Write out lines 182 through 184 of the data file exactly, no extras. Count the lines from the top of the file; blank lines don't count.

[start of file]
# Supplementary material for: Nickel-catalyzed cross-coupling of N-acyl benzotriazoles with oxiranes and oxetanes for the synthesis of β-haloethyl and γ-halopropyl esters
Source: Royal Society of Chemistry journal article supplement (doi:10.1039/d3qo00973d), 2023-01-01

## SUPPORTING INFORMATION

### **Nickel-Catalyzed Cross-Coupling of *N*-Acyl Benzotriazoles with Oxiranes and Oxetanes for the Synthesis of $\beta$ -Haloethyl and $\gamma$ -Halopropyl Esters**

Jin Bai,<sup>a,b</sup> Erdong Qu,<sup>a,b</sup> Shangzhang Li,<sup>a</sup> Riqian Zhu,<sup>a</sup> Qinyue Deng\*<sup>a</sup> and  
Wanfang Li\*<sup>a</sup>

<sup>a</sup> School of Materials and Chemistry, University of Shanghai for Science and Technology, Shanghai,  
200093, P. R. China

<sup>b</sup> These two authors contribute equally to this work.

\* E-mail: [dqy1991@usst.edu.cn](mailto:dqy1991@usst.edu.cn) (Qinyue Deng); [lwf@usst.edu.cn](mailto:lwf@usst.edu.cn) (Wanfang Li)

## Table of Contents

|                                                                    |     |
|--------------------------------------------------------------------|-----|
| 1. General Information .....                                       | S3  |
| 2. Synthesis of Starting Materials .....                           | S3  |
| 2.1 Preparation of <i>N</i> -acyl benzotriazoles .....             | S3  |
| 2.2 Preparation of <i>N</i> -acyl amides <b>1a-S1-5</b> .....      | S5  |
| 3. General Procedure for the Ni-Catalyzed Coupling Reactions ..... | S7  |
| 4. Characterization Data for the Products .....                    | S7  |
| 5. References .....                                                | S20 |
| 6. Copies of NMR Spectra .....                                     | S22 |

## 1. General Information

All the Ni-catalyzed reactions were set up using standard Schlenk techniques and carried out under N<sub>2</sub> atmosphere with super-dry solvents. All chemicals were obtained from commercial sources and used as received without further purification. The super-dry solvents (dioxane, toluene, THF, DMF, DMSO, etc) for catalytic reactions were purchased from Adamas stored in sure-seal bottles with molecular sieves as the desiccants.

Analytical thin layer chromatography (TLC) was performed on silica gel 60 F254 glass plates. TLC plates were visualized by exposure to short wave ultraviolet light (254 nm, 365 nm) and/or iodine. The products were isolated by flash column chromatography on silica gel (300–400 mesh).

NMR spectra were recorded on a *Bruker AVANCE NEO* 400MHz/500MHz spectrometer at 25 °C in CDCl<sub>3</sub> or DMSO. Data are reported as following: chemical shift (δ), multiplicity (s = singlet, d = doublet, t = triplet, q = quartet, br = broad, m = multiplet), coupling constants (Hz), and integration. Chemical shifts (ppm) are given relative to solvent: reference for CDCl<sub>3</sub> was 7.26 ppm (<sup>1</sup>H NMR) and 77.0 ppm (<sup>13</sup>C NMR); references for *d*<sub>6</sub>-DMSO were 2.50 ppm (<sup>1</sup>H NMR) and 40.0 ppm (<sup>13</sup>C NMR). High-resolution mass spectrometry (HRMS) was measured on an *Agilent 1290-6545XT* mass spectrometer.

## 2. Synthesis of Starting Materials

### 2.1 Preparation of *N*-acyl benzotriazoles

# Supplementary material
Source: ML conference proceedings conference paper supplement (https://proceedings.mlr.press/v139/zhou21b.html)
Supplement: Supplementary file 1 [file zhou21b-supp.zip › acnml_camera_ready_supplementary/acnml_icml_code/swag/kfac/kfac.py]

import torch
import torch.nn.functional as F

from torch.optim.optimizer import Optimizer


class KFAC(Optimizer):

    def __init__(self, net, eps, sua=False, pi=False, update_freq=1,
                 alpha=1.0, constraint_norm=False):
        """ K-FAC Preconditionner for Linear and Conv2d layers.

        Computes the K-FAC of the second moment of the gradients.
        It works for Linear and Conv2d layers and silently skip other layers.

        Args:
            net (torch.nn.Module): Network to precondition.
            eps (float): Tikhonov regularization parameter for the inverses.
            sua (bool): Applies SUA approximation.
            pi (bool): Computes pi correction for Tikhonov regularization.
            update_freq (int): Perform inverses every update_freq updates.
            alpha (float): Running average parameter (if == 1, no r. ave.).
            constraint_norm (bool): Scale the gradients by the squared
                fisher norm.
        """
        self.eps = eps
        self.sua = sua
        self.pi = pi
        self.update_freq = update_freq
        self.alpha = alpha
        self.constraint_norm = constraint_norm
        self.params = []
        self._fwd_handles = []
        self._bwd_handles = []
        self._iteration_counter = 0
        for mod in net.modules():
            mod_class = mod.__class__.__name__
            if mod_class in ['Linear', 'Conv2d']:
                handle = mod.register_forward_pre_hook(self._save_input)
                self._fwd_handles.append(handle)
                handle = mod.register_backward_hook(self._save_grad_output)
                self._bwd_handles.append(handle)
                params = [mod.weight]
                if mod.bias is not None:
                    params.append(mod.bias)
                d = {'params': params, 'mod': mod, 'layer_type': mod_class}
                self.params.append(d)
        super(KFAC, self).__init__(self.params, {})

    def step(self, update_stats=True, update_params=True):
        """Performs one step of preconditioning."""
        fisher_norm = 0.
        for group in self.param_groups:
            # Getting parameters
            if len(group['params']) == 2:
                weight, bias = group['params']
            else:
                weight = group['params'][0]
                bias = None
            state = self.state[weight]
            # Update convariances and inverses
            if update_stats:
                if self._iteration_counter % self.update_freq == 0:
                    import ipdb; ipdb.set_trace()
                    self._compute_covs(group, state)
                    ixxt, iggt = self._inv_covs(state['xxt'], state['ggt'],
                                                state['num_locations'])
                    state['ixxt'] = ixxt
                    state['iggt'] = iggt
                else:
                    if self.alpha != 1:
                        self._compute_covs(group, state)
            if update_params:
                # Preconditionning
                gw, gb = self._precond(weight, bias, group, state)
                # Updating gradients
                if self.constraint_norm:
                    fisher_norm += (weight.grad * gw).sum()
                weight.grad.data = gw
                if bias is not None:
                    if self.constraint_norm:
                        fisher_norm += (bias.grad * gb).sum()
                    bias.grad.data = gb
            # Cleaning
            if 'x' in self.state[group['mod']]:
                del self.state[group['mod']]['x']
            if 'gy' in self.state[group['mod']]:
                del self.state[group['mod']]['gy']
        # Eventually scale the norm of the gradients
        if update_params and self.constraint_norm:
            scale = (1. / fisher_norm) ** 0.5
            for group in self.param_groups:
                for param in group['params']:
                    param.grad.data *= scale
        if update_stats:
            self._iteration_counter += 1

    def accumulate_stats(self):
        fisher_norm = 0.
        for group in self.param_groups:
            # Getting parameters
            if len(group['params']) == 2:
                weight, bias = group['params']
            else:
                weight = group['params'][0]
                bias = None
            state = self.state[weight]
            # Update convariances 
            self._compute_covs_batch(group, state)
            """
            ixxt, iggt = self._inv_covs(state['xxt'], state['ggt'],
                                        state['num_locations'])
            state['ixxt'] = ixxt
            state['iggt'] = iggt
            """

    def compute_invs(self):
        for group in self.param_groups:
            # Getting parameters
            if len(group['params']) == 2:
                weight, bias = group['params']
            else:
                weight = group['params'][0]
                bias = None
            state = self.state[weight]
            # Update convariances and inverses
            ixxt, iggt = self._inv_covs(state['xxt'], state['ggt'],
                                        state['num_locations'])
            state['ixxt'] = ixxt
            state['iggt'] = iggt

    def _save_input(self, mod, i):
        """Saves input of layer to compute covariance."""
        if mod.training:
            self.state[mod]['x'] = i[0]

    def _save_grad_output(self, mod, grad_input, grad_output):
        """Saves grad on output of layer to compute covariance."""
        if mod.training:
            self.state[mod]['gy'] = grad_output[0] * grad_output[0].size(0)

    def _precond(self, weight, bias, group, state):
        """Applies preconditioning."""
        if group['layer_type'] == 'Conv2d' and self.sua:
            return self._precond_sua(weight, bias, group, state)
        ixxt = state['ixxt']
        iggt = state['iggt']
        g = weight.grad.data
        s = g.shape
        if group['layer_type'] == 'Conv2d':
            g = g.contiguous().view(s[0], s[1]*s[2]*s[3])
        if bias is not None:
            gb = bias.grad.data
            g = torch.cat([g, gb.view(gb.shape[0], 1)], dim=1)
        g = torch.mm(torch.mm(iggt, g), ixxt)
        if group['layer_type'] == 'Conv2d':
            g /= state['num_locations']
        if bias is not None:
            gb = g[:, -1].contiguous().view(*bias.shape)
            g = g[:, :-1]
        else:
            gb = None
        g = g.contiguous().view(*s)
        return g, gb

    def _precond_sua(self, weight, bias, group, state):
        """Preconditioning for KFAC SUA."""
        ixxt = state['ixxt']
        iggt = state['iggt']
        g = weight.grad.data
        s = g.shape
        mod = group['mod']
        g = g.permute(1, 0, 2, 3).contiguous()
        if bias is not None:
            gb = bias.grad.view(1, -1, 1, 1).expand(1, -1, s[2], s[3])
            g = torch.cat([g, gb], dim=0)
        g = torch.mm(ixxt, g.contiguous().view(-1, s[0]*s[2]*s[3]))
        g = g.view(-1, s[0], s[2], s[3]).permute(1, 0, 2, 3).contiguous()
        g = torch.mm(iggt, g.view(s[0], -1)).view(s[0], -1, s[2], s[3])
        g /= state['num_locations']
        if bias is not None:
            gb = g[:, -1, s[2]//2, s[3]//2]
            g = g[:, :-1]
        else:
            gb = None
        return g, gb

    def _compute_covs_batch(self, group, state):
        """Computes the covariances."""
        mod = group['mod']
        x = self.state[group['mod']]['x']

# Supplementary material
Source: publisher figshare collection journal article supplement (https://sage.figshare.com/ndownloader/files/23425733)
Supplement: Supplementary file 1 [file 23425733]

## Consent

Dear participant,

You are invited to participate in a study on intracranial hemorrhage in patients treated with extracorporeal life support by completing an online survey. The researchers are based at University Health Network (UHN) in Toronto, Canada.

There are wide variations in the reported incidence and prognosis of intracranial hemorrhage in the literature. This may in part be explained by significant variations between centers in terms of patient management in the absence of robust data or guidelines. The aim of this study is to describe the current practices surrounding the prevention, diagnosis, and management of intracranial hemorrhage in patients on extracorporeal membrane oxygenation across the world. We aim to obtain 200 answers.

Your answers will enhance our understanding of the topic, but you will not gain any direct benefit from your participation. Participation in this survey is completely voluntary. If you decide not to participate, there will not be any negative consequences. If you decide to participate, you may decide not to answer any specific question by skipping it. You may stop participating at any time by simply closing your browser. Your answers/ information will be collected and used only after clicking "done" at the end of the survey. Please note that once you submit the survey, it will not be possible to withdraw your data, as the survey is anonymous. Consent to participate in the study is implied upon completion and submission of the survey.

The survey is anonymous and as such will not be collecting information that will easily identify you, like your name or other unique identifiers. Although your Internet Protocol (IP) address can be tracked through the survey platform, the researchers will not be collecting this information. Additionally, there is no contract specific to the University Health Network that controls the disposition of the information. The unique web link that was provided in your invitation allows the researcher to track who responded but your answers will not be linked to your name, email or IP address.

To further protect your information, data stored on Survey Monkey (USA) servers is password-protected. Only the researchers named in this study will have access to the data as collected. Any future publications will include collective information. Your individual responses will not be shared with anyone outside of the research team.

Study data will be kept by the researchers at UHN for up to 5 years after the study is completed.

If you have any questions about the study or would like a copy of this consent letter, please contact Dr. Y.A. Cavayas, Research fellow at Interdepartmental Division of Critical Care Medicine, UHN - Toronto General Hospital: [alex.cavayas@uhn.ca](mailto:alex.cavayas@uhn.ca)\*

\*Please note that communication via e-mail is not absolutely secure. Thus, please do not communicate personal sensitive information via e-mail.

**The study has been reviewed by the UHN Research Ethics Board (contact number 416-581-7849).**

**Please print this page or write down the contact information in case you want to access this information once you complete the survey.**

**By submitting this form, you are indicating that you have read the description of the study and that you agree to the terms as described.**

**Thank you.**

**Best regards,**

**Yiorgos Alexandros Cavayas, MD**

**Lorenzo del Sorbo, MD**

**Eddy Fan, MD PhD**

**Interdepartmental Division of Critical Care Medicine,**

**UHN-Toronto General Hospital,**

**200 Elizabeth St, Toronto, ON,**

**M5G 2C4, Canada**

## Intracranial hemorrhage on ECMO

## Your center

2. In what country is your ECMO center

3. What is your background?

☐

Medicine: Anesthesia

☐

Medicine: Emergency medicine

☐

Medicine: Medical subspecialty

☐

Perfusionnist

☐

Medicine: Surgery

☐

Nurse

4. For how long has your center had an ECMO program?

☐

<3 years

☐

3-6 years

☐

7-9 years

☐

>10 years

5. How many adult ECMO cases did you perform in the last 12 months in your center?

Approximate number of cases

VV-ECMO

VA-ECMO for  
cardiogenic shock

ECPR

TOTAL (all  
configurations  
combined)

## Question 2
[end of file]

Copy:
        return g, gb

    def _precond_sua(self, weight, bias, group, state):
        """Preconditioning for KFAC SUA."""